By STEVE NELSON
(SENIOR WIRE) The unmistakable sound of helicopter blades chopping through the air aroused me. Disorientation made it impossible to imagine why either I or the helicopter were in this particular place.
I had a large gap in my memory between leaving my home on my mountain bike on July 24 and lying in a helicopter later that same day. Others have pieced the story together for me.
I had evidently crashed while riding the “jump” line at the local single track trails. I’ve ridden that trail and “hit” that jump more than 1,000 times. Apparently not so successfully this time.
I learned that another rider found me unconscious and unresponsive at the bottom of the jump. He had the good judgment not to touch me and to call 911. I was taken by the local fire department to a nearby parking lot where a helicopter from the area trauma unit picked me up.
I don’t report this accident to be sensational or to elicit sympathy. The facts are as follows: After my short helicopter ride, I arrived at the emergency room at the trauma center and learned from a MRI and CAT scan that I had broken my neck in three places, fractured my left hip, and broken three ribs.
Oddly, I had no pain and was fully alert and lucid, at least as lucid as I ever am. I was fortunate that a skilled neurosurgeon was on call and scheduled surgery within two hours.
He repaired my broken vertebrae with a combination of metal parts and newfangled disc material. I learned that I was lucky. Had the break been a mere inch further up my spine I probably would not have lived.
We all know, but seldom experience, the fact that life can change in the blink of an eye. Mine did. On a sunny afternoon I was transformed from a carelessly athletic 73 year old to a man who could barely move his fingers and toes.
Compared with many who suffer a spinal cord injury, my prognosis is quite good. After one month in rehab and two weeks at home, I’m on my feet with a walker and am gradually gaining some functional use of both arms. It is not possible or, frankly, important to know the full range of possibilities for my recovery. I’m alive—and thank my lucky stars every day.
I recall my surgeon telling me, while I was in the early stages of recovery from surgery, that I would recover well if not fully but that I would at some point be “depressed.” After this somewhat cumbersome introduction, I’ll get to the point.
I haven’t experienced even a flicker of depression. It may be my capacity for denial or my lifelong cheerful outlook kicking in to my benefit. But I think it’s more than that.
As I lay in bed during the first terrifying nights of recovery, unable to move my hands to even reach the call bell on my hospital bed, I didn’t feel sorry for myself, because, in part, I knew this was a temporary state. Instead I thought of Stephen Hawking who lived a life of powerful meaning in state far more limited.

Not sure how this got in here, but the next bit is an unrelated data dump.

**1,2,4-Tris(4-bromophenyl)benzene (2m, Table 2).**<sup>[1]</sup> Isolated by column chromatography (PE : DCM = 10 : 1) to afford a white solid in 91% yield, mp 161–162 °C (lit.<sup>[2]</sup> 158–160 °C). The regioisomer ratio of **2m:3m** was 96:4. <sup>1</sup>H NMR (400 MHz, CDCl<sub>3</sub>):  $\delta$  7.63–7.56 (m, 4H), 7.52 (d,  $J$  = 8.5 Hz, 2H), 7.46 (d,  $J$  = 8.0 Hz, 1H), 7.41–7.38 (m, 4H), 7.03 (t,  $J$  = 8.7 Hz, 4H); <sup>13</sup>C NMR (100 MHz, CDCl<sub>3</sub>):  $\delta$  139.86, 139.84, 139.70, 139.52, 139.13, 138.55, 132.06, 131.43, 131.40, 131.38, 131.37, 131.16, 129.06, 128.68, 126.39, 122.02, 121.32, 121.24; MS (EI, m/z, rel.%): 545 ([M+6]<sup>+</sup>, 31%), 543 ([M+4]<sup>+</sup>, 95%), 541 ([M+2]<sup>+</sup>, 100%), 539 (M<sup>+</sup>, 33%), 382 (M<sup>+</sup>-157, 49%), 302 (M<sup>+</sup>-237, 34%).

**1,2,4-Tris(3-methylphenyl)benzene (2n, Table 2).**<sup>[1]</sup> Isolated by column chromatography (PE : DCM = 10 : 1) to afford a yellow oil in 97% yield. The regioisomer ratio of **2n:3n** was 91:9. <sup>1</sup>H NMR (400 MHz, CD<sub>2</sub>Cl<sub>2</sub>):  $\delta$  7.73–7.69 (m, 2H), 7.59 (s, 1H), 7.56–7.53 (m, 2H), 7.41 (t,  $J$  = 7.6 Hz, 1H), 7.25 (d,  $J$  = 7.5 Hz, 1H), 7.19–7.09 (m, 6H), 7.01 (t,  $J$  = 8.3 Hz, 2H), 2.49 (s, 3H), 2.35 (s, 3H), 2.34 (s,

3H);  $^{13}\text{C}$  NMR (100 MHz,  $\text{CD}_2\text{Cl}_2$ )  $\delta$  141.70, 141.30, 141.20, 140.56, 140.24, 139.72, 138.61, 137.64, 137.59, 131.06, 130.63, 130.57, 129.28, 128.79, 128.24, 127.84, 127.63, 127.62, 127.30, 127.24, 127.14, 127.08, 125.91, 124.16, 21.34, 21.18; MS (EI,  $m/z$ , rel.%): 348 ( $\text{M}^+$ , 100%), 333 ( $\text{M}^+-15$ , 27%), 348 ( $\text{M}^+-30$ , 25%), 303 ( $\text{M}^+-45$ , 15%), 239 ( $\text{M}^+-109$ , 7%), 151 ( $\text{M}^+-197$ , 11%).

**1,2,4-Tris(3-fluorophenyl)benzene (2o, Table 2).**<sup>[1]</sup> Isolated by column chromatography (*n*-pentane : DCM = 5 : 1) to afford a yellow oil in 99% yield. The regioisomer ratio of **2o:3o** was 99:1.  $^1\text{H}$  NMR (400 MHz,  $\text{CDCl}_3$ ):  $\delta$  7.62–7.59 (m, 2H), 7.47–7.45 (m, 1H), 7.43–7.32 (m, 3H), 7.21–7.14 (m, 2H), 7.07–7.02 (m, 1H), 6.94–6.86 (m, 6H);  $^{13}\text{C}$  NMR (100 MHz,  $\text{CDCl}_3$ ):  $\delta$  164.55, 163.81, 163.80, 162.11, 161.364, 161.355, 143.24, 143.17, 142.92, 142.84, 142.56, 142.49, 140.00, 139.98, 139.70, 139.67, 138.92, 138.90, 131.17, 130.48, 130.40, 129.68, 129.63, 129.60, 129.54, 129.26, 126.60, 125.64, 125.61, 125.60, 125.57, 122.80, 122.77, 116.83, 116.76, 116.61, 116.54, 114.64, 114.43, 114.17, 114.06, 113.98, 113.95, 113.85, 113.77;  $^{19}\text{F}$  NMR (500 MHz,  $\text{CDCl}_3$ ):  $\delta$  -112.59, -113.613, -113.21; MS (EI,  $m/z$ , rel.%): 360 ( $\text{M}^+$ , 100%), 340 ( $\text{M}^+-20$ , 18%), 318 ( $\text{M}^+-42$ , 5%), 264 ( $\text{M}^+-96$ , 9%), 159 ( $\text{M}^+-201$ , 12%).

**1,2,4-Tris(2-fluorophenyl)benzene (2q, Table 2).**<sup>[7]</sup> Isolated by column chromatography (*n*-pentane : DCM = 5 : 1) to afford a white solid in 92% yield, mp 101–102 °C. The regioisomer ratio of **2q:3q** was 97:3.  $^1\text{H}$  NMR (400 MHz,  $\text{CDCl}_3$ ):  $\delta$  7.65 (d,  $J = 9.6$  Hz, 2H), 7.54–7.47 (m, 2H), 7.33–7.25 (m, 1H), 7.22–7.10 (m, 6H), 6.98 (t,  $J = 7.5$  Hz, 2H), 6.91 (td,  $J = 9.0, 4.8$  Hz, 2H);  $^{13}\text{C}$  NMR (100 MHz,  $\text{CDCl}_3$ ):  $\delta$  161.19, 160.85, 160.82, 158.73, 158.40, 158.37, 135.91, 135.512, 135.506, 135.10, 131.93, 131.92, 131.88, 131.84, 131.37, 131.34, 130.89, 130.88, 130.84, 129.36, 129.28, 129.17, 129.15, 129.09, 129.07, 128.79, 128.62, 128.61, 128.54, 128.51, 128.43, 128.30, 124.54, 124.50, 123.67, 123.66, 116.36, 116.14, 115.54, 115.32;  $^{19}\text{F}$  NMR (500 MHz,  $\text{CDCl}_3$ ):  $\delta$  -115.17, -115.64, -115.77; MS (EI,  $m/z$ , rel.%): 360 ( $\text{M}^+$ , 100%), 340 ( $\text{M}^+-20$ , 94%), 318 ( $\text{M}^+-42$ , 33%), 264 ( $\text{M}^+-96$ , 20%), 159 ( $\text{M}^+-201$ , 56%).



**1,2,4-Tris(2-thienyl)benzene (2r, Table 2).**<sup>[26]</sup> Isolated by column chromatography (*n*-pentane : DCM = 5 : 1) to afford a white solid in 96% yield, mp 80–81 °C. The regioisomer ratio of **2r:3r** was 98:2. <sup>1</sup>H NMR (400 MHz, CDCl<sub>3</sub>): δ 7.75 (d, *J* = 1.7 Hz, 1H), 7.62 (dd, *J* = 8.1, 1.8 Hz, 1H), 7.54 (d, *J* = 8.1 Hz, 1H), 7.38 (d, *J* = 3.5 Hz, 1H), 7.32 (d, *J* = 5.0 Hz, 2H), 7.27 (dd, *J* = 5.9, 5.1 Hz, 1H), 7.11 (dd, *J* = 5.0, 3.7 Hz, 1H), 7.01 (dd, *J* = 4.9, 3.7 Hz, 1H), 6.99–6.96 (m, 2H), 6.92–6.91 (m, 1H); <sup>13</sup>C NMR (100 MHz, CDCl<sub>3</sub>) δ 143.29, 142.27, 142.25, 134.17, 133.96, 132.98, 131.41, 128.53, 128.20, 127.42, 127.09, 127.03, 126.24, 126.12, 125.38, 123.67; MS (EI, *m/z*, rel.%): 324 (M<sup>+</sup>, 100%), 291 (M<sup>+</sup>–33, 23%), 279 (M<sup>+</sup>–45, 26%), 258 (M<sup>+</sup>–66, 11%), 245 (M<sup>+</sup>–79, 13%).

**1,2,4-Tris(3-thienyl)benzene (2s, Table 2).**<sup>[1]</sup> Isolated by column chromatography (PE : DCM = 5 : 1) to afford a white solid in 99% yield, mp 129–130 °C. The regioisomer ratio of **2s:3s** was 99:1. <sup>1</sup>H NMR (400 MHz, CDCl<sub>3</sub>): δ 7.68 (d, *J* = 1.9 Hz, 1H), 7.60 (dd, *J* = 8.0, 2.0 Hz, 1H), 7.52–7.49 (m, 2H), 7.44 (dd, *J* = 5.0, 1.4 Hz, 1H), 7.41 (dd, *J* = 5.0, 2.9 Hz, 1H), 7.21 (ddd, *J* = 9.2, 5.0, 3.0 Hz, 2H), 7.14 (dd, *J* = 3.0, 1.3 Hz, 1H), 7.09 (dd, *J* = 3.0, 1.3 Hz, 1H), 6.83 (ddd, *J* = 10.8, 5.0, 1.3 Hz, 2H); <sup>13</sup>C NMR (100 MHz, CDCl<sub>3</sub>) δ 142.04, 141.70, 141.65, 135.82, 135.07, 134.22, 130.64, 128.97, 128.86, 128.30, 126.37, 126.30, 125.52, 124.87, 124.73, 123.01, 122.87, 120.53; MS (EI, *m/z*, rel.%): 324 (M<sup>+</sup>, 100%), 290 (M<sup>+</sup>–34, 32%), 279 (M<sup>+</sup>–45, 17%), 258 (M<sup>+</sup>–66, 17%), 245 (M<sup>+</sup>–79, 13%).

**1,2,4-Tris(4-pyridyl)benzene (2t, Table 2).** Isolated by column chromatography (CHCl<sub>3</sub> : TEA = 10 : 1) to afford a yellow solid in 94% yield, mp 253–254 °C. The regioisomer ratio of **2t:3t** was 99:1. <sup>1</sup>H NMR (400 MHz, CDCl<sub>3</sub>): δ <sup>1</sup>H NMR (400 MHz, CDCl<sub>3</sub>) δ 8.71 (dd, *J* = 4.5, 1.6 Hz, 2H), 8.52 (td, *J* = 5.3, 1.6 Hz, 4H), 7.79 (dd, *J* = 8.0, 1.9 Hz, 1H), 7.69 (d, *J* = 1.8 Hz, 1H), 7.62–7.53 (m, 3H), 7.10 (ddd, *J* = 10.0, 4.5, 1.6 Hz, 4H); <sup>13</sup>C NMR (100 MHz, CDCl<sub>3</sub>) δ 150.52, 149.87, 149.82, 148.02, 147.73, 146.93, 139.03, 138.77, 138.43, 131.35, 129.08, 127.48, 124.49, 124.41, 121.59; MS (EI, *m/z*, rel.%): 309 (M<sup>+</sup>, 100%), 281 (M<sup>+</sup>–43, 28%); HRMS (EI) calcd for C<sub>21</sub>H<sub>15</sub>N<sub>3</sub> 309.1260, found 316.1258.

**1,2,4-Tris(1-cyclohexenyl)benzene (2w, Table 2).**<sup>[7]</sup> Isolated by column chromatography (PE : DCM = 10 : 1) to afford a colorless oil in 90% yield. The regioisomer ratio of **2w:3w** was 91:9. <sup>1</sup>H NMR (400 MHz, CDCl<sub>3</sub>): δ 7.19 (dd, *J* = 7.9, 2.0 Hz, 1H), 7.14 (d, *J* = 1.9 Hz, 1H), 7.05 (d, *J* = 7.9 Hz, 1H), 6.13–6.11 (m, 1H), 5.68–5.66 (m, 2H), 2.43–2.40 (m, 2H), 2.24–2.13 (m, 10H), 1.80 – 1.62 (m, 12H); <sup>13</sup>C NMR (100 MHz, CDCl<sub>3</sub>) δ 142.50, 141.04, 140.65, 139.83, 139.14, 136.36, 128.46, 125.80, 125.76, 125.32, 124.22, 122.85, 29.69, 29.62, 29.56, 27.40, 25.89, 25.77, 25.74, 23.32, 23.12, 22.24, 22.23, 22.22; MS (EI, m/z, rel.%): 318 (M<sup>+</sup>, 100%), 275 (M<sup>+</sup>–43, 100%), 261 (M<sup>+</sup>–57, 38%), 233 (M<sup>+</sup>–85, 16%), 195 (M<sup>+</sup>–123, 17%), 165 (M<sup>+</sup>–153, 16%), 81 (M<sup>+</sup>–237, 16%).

I watched CNN nonstop to keep my mind occupied and witnessed the unspeakable suffering of coronavirus patients on ventilators with family members enduring the torture of knowing a loved one might slip away without a final embrace.
I began thinking of what I might have lost during that blink of an eye. I realized I’d never play the violin again. But rather than grieving, I reflected on the amazing experiences I’ve had in music. Most people eventually give up things they love. It just happened to me in an instant. Instead of mourning the probable loss of risky mountain bike rides, I reflected on all physical thrills I’ve had right up to age 73. Who deserves more than that?
Just yesterday I managed to walk three circles of the downstairs of our house holding onto a walker with my spindly arms, striding as awkwardly as a 10-month-old baby’s first steps. In its own way it was as satisfying as finishing the first 10K race I ran in 1978.
Most of all, I’ve learned that the loves I have in my life are not only undiminished, put more vivid and powerful from this perspective. My wife has been heroic, my children feel closer than ever before, and every moment with my grandchildren, even in their surgical masks, is magical.
I think about the selfless and remarkable people who cared for me with tenderness, love and abundant good humor during my five weeks in the hospital. This happens all around us every day, but we seldom see it.
During my time in rehab I began to feel a sense of community with the nursing staff, physicians, cleaning staff, and therapists on the unit. Although I never went to summer camp, when I was discharged it felt like I imagine children feel after leaving a summer camp that seemed so strange and fearsome at first and then became their home. (Not that I’m eager to go back!)
Perspective is everything. MSN